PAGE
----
One of my favourite activities is discovering these secret Yoville nooks and crannies, by checking out the events. Recently, I saw in the game section one listing that invited visitors to find the jack-in-the-box. Once I arrived, I understood that it would not be so easy to find the silver-and-red box. The place was a jungle:
I had no idea even what kind of house, from Yoville’s six house types, that it was. So I really had no idea how many rooms I was about to explore. I later realized that it was the biggest house in the Yoville roster and one of the houses that players can only get by credit card (in the words, by paying real money for it). I personally find this house a little too big and labyrinthine. Usually big and labyrinthine is a good thing, while in Yoville it gets a little hard for visitors to tramp through each room during sightseeing trips. Nevertheless, this particular house had some surprises.
For those of you who play Yoville, you’ll notice that they used the windows looking onto greenery to make the whisperings of a fence.
Once inside, the living room continued with a woodland meadow theme:
The tiki torches and central pond are pretty good. I’ll also have to invest into about two dozen of those unruly ferns.
The bathroom with a stream:
The game room:
The jukebox room:
A sort of sitting room:
The bushes with the white blossoms give the dark room a feeling that the blossoms are fireflies. I am keeping these in mind for a future marshmallow-roasting room – I think there is a bonfire available in Yoville.
Another sitting room:
A third, busy sitting room:
Finally, a change in all the greenery:
This upstairs hallway introduces an autumn feel, with the dead trees, perfect for a Halloween look, but rather jarring after the lush look of the previous rooms.
Here’s the autumn bathroom:
I never liked autumn, so this room makes me kind of sad.
However, then things got really, really good.
The first of the spring flower rooms!
The combination of the free gifting premium flower arrangements, the housewarming flower arrangements, the now obsolete purple and blue roses, mixed in with flowers available only through purchase, is now my goal. I experimented a little with this look so far. Luck shaved off a few days from my flower-gathering activities: I have been gathering free floral arrangements from the missions on Yoville.com profiles for a few days when the gift-collecting broke down on Saturday.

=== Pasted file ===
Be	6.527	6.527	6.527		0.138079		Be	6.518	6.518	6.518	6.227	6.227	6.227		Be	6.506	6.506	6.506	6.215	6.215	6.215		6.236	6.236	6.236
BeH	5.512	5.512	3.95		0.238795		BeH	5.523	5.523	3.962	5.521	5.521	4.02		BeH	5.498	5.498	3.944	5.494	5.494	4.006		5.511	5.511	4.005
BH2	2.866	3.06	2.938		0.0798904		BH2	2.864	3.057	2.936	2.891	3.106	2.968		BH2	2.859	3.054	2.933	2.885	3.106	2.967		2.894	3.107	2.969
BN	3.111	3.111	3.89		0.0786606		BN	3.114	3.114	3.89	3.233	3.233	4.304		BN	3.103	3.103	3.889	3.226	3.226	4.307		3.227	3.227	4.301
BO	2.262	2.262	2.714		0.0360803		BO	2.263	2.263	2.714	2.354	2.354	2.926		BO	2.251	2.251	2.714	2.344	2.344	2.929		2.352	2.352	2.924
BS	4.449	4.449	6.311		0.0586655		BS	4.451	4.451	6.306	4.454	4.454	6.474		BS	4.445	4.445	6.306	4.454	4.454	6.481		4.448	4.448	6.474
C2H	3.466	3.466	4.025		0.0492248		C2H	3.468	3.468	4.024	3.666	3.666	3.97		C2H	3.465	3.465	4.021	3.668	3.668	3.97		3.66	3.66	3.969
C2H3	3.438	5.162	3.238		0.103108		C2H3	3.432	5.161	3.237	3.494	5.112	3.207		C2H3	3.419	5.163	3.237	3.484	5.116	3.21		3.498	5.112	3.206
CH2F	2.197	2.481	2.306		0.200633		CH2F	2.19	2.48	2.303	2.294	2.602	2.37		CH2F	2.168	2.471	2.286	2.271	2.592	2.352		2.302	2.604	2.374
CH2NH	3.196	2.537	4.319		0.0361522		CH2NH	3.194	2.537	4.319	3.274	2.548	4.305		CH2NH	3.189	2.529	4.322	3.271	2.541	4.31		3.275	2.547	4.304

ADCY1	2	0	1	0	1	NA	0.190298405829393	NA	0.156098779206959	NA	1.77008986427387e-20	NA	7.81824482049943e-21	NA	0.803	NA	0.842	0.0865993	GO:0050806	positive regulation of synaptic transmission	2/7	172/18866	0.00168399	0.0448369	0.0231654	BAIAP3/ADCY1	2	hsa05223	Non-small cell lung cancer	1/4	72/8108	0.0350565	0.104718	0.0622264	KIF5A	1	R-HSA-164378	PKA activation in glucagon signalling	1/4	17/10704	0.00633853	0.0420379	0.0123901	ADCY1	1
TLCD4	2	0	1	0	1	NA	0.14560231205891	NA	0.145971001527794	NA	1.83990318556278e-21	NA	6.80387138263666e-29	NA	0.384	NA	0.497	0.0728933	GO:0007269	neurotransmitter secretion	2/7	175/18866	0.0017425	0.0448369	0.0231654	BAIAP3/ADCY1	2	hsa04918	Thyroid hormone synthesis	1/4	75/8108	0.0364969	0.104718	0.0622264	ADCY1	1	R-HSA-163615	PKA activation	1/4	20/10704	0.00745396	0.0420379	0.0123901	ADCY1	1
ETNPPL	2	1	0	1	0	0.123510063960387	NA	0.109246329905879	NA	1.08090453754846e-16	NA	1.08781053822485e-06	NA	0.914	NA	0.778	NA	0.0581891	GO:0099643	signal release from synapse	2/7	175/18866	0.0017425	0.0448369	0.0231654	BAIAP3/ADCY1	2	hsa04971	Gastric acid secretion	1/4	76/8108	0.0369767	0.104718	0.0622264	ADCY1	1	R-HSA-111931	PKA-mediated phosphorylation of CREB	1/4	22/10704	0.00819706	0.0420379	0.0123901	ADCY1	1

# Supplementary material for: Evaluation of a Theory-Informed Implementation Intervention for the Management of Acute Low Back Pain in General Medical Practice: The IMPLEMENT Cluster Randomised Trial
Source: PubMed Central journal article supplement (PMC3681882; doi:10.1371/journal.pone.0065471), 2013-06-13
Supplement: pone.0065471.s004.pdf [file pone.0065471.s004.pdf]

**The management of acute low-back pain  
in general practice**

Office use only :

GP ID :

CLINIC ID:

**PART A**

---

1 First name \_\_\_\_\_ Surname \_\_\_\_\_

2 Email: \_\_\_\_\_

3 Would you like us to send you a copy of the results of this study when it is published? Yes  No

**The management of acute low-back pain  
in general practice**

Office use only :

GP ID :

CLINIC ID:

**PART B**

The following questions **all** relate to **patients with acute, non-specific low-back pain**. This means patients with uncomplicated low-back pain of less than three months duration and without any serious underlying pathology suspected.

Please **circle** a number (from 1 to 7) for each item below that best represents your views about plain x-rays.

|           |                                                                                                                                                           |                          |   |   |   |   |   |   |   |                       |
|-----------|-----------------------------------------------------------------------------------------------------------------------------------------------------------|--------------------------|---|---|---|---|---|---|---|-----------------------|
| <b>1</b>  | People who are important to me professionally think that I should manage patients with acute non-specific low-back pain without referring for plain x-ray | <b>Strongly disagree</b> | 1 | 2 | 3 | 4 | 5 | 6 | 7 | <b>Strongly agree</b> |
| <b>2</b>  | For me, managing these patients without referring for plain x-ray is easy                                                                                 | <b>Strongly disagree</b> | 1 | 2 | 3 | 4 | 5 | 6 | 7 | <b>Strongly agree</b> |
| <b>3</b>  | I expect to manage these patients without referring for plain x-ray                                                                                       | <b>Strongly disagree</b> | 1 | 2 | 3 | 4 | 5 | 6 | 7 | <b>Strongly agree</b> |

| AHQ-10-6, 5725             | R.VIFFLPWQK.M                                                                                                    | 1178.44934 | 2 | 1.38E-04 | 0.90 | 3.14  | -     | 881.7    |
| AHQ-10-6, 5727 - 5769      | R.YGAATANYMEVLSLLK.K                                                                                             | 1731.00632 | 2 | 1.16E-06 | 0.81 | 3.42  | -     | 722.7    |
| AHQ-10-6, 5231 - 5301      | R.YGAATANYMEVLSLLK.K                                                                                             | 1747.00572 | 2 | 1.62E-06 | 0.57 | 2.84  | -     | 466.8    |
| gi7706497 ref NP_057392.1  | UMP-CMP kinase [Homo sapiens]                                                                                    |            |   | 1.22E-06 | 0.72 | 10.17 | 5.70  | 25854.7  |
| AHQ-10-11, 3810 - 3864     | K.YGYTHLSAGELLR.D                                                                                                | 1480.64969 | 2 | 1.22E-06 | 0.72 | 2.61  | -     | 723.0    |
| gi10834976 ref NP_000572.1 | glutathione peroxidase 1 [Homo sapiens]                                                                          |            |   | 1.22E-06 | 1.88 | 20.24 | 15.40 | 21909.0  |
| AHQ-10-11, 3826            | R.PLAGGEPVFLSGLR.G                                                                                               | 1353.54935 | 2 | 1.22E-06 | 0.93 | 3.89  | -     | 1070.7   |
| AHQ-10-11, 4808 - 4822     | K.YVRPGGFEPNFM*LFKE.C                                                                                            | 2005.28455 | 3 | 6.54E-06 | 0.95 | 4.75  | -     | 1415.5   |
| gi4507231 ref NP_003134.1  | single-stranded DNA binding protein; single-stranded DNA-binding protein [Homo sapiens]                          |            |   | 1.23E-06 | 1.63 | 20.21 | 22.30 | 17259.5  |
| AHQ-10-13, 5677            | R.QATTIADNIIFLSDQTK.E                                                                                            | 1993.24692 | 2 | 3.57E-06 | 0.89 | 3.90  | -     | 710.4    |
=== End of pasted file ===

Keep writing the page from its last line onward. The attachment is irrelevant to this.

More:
Here is the second of the spring flower rooms, albeit a little too overpowering:
I never did find that jack-in-the-box.
Why Music Is Important at Parties
Ever since a car accident in 2004, I haven’t really liked music. I don’t know if it’s because I prefer silence after the crash or if I really just hate running into that annoying B-52s song “Love Shack.” I mean, I was listening to music at the time of the accident, and I remember liking music before the accident. The accident was the dividing point in my life between liking music and not liking music.
Now I try to understand all the time why people actually like music. While I could live with just the near-silent whoosh of air going past my ears, other people obviously can’t. So it’s been a philosophical and anthropological mystery I have been trying to figure out for the last four years.
I just realized I was looking at the reasons for the importance of music from the wrong angle. It isn’t some psychological need that people have. It stems, instead, from physiological reason, or rather the masking of a physical condition.
Recently, at a gathering of individuals where there was no music, someone’s stomach grumbled. The person was embarrassed and apologized. If there had been music, this normal human bodily noise would have gone unnoticed. The same for any resulting loud (yet unsmelly) farts or other fart-like sounds (for example, getting off a leather couch in vinyl pants).
Thus music masks something we would rather hide, in the interest of easing social relations, much like dim lights at parties hides physical imperfections in one’s skin and aids sexual friendships.
The Secret to Biscotti
Biscotti, I believed since their initial appearance on the Canadian culinary landscape, were stupid, stale cookies.
Coffee, meanwhile, smelled nice but tasted like something you’re meant to vomit. (That’s what bitterness indicates in the wild.)
No one told me you were supposed to dip biscotti into coffee.
That makes both of them not merely palatable, but downright delicious.
My life has just a little more meaning now.